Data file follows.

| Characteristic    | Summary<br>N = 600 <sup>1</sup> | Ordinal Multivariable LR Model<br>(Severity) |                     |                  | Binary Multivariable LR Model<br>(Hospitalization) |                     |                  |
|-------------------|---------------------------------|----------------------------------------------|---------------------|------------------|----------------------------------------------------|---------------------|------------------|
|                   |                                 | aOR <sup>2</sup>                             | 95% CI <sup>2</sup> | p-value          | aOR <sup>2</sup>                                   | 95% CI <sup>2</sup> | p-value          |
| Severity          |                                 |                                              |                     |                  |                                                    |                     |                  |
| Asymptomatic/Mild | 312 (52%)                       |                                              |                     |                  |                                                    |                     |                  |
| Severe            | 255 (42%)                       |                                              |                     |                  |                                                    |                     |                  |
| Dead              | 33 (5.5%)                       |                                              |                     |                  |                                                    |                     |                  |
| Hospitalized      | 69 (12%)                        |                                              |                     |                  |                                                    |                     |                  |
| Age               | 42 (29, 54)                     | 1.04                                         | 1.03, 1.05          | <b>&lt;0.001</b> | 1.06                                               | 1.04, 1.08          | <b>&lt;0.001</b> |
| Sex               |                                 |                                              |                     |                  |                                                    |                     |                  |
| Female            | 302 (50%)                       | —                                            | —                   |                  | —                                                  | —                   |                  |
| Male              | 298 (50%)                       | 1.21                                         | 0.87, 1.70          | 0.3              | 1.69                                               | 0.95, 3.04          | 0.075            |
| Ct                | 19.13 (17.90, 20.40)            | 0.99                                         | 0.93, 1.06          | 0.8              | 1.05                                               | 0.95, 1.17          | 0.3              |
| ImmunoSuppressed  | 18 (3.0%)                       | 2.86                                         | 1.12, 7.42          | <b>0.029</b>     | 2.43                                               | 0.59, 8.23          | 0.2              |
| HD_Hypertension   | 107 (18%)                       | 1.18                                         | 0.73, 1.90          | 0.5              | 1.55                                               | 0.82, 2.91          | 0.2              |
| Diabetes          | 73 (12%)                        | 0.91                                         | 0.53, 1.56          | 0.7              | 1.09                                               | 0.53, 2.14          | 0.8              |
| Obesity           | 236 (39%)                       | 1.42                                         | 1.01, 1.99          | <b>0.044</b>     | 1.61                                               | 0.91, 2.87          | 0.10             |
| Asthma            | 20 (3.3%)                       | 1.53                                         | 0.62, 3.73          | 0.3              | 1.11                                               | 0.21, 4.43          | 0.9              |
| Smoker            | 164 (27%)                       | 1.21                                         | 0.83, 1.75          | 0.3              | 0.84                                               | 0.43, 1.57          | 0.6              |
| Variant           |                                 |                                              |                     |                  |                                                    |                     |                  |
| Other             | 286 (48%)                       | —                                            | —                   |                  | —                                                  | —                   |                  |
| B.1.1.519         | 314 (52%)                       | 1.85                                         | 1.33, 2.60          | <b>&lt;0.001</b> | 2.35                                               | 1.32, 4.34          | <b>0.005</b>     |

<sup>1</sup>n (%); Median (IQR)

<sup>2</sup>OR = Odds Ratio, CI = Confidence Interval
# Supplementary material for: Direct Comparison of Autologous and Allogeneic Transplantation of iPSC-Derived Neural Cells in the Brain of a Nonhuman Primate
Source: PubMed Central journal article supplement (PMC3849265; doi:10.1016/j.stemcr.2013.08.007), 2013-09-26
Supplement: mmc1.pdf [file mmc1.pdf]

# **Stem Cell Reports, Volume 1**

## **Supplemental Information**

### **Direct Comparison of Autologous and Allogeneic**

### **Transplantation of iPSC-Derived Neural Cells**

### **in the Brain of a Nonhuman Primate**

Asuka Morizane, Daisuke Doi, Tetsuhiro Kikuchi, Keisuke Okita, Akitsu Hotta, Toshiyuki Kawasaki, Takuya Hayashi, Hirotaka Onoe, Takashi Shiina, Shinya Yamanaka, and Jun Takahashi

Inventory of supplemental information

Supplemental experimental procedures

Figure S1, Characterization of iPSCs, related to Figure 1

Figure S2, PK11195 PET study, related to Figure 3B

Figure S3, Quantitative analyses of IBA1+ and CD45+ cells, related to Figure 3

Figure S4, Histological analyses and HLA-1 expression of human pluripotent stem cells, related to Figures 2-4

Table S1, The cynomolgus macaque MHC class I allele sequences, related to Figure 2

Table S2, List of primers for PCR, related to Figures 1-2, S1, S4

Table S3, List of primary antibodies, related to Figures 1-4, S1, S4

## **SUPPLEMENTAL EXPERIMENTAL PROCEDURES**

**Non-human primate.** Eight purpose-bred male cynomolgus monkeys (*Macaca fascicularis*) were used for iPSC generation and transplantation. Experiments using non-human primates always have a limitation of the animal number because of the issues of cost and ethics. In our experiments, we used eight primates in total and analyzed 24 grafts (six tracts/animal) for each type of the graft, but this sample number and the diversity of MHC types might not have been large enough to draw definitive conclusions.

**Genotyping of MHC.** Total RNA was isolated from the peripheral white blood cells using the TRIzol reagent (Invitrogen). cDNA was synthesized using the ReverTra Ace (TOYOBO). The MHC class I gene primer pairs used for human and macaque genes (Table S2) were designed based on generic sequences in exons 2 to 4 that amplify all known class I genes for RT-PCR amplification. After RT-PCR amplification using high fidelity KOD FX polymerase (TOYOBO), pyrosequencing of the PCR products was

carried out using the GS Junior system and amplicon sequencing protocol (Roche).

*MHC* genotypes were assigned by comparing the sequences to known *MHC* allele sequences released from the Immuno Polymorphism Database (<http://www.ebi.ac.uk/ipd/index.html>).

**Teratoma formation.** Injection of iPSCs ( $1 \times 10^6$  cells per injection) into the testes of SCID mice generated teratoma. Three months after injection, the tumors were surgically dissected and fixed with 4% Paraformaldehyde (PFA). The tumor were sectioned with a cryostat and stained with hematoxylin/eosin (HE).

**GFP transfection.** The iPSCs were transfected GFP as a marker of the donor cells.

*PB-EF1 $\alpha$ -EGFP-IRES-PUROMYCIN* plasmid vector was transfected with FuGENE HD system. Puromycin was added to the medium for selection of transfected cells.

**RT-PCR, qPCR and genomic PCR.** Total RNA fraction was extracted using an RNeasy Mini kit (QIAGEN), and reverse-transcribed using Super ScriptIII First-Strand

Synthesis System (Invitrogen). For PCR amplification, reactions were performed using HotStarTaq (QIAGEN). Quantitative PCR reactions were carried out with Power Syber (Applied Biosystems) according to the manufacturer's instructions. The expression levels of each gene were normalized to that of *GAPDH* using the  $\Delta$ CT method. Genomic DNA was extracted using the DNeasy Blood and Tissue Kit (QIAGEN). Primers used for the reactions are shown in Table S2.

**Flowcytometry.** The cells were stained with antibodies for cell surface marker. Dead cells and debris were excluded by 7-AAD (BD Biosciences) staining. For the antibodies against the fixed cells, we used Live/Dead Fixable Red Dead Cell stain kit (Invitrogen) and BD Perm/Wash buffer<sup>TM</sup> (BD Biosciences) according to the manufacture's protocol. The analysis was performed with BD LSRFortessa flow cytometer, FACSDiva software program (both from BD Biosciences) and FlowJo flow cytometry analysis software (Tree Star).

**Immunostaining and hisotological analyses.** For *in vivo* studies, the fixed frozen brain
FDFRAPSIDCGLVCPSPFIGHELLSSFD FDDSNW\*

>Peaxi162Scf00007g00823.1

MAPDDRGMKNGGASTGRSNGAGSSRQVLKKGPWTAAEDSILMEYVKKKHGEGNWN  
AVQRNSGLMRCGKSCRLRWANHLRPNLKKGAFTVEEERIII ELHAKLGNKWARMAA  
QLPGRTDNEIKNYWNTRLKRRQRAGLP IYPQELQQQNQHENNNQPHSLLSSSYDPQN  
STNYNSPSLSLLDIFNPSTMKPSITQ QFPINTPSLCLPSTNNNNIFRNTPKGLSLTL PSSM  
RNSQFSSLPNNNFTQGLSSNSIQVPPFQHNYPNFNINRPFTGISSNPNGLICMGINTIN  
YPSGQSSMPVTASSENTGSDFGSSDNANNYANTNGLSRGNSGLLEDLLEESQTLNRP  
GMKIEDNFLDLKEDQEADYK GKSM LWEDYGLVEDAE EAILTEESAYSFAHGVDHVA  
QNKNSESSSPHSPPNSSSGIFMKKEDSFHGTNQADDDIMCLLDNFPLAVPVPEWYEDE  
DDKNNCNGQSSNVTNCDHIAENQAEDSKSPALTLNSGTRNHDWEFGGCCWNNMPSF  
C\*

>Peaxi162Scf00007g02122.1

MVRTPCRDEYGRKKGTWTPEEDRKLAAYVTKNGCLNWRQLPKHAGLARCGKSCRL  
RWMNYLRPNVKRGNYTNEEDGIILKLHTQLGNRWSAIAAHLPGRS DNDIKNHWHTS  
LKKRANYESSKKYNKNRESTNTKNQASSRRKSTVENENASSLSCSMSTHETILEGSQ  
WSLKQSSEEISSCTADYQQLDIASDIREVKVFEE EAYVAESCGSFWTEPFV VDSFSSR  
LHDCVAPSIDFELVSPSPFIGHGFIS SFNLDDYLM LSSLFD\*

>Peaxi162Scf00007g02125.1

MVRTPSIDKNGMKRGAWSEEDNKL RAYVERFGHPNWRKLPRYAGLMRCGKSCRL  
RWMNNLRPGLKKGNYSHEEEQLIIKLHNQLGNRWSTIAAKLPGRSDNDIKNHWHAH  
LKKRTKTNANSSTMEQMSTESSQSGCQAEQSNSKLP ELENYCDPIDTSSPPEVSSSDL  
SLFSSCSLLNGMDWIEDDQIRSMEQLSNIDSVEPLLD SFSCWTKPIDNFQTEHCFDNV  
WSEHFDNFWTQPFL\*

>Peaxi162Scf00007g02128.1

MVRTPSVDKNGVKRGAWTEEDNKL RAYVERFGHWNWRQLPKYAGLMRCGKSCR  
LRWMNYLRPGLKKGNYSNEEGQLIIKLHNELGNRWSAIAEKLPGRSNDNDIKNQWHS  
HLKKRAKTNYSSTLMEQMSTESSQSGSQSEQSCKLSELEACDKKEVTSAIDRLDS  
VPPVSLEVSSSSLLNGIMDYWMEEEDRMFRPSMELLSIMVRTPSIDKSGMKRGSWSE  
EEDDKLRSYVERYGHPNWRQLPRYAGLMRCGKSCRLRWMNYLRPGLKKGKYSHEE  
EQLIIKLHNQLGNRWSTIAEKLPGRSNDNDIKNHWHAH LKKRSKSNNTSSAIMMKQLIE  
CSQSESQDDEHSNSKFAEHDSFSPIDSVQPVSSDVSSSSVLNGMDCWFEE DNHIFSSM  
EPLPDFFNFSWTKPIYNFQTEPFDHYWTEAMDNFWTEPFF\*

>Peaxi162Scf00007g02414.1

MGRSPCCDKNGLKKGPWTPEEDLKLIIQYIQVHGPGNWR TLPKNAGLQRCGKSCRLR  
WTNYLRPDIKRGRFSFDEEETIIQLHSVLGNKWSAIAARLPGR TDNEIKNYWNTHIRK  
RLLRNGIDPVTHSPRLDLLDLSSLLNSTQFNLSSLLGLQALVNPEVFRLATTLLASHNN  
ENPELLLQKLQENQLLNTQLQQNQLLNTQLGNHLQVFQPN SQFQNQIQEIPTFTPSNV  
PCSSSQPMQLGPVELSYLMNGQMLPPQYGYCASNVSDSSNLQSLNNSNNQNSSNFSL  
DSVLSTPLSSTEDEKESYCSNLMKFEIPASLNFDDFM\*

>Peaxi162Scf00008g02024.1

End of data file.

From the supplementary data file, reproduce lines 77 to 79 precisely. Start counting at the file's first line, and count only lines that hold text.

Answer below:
SLFSSCSLLNGMDWIEDDQIRSMEQLSNIDSVEPLLD SFSCWTKPIDNFQTEHCFDNV  
WSEHFDNFWTQPFL\*

>Peaxi162Scf00007g02128.1